It may require a good bit of repairs just to keep it going. The more your company-issued truck breaks down, the more time you'll spend waiting and not driving (and hence not earning money).
Some of the "bottom feeder" trucking companies (the unscrupulous ones) know that they have you on the hook.
So they may not feel compelled to get you home on a regular basis. If you have a family back home, it may be weeks or months before you see them.
In fact, you may be purposely kept out on the road so that the company can "recoup" its investment from you.
If the truck you're in is costing the company more than they want to pay in repairs, the easiest way to avoid paying for repairs is to simply not run the truck.
That means that you'll be sitting in it without driving and without earning money. They keep you poor (no income) and owing them at the same time!
Guess who is being exploited? You are!
The old Tennessee Ernie Ford song "Sixteen Tons" with a miner owing his soul to the "company store" comes to mind.
Now when someone enters the trucking industry he or she may think that the hiring trucking company wants to utilize him/her, to make as much money as possible from the truck/trucker combination. (That's what we would do if we were running such a business.)
But unfortunately some trucking companies don't utilize their trucks or employees well (and we don't understand why).
You're on the hook by way of a contract and that is all they may care about. Whether or not you feel that you're being exploited is the least of their concerns.
If you don't finish school or the contract, you still owe. That's free money for them.
If you're not prepared to stick it out no matter how bad your utilization gets, don't sign the contract.
OK, what options do you have if you're being exploited in this situation?
In the second scenario, you'll still owe the trucking company for the cost of the company paid CDL training.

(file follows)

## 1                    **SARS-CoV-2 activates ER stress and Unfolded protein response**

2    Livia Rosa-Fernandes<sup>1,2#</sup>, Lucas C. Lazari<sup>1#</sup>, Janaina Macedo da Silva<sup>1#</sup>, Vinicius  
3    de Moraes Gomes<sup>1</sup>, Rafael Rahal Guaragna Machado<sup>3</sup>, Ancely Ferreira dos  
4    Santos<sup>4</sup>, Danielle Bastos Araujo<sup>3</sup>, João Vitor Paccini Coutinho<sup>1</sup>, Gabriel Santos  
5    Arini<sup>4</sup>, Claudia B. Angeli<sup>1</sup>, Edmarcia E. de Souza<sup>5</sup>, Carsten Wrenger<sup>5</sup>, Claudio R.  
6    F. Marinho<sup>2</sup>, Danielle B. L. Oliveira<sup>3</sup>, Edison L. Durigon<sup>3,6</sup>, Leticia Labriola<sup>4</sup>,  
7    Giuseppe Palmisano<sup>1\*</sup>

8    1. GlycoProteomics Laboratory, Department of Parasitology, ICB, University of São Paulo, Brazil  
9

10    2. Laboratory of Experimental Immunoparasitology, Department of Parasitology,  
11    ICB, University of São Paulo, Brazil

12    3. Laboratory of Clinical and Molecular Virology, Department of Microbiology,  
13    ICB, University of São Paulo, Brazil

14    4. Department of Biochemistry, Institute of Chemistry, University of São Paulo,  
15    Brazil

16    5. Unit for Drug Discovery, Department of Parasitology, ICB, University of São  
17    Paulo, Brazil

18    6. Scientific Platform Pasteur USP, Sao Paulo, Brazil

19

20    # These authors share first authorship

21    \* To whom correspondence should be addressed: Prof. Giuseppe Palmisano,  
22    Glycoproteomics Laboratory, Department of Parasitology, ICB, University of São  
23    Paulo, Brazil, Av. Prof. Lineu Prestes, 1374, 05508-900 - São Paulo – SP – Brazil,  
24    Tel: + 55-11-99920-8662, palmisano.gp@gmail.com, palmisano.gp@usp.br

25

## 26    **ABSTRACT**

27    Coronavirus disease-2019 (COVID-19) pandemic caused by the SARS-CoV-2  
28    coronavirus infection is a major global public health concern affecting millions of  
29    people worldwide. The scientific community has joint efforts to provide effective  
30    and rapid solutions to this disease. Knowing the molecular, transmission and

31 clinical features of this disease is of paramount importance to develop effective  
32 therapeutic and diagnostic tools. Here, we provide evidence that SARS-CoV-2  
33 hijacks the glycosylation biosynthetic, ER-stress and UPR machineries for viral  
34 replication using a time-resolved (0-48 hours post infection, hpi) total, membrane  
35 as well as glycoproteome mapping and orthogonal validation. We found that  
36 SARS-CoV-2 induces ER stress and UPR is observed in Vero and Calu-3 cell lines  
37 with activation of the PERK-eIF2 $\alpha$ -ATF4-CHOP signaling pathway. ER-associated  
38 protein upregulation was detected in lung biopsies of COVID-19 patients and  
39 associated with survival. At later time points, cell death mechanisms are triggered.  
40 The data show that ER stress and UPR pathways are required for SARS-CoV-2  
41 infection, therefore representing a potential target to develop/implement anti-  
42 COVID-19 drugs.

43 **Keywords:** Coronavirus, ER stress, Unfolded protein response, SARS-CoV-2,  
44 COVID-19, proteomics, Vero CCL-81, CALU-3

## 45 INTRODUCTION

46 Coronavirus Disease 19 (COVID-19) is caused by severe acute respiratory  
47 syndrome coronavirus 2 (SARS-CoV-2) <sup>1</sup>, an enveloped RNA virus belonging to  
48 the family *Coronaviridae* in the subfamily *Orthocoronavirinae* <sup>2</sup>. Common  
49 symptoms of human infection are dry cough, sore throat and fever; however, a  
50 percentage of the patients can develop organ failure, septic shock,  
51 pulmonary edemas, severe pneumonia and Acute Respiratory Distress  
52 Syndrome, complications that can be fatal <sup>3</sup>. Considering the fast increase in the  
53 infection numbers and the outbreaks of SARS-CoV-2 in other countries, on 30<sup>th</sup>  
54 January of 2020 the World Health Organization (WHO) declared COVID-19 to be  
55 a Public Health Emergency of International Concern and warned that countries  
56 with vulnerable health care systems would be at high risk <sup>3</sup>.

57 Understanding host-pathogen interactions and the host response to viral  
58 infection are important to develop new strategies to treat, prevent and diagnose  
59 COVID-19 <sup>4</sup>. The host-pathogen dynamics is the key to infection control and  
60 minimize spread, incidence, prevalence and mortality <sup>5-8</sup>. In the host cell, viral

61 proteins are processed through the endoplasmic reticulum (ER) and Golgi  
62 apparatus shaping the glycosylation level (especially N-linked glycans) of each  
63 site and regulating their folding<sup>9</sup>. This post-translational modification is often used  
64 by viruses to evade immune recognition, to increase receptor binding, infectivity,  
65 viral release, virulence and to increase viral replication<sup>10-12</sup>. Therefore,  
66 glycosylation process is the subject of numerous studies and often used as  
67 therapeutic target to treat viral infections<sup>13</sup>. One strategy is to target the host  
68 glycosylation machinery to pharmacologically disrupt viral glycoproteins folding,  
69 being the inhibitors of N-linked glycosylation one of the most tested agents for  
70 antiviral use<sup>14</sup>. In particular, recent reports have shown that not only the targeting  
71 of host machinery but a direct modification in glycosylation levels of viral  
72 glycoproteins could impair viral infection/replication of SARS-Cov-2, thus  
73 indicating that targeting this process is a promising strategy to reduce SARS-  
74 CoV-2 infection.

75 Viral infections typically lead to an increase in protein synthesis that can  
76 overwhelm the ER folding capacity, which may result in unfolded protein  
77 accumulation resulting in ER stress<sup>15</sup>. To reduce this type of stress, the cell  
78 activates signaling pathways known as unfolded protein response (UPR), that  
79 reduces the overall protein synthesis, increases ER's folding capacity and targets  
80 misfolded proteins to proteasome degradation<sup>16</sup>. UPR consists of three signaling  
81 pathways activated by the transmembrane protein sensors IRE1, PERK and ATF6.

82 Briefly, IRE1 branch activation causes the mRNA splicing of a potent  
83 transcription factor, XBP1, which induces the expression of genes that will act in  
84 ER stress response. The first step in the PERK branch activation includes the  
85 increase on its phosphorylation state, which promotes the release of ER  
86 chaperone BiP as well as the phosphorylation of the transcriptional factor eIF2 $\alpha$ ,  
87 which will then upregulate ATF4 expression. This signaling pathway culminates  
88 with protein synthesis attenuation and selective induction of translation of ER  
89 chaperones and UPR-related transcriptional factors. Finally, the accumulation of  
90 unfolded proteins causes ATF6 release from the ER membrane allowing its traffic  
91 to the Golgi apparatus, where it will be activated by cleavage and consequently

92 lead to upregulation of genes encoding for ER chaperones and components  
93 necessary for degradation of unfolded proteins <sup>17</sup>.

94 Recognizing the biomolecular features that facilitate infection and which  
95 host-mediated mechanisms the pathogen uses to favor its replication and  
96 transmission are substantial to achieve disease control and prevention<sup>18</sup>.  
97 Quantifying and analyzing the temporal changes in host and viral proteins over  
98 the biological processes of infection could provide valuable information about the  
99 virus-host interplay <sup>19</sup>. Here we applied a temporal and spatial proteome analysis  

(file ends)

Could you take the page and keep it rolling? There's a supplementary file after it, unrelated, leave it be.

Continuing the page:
In addition to that, you could get a black mark on your DAC report as well as your employment history.
You certainly never want the reputation of being a quitter.
Given the litigious attitude of some folks in our world today, we wouldn't put it past an unscrupulous trucking company to trump up charges against -- or sue -- a driver who quits (or even complains) about the way they do their business.
We addressed part of this issue on a page where we responded to an inquiry called "attending driving school."
You may want to read the post from BigJohn54 on this page for more information on what trucking companies are looking for.
Money saving tip: To avoid the situation of being exploited as a new truck driver, here are our recommendations:
Although you may be flat broke, see if somehow you can scrape together or borrow enough money to go to an independent truck driver training school.
That way, if the company that hires you proves unscrupulous, you can move on.
Be careful that you don't just hop from job to job.
Many companies require a solid year -- including the all-important winter driving season -- of trucking experience before they will hire a driver.
Be sure to pay back what you borrowed in a timely manner.
One other thing: Do not think it is possible to learn how to drive a commercial motor vehicle in a short period of time like 3 weeks.
Some CDL mills lure prospective truckers into their schools with illusions of grandeur and big bucks.
Don't set yourself up for being exploited through greed. Use common sense.
Learn both the direct and indirect costs involved in getting started in trucking. If it sounds too good to be true, it probably is.
Never let anyone pressure you into signing something costly.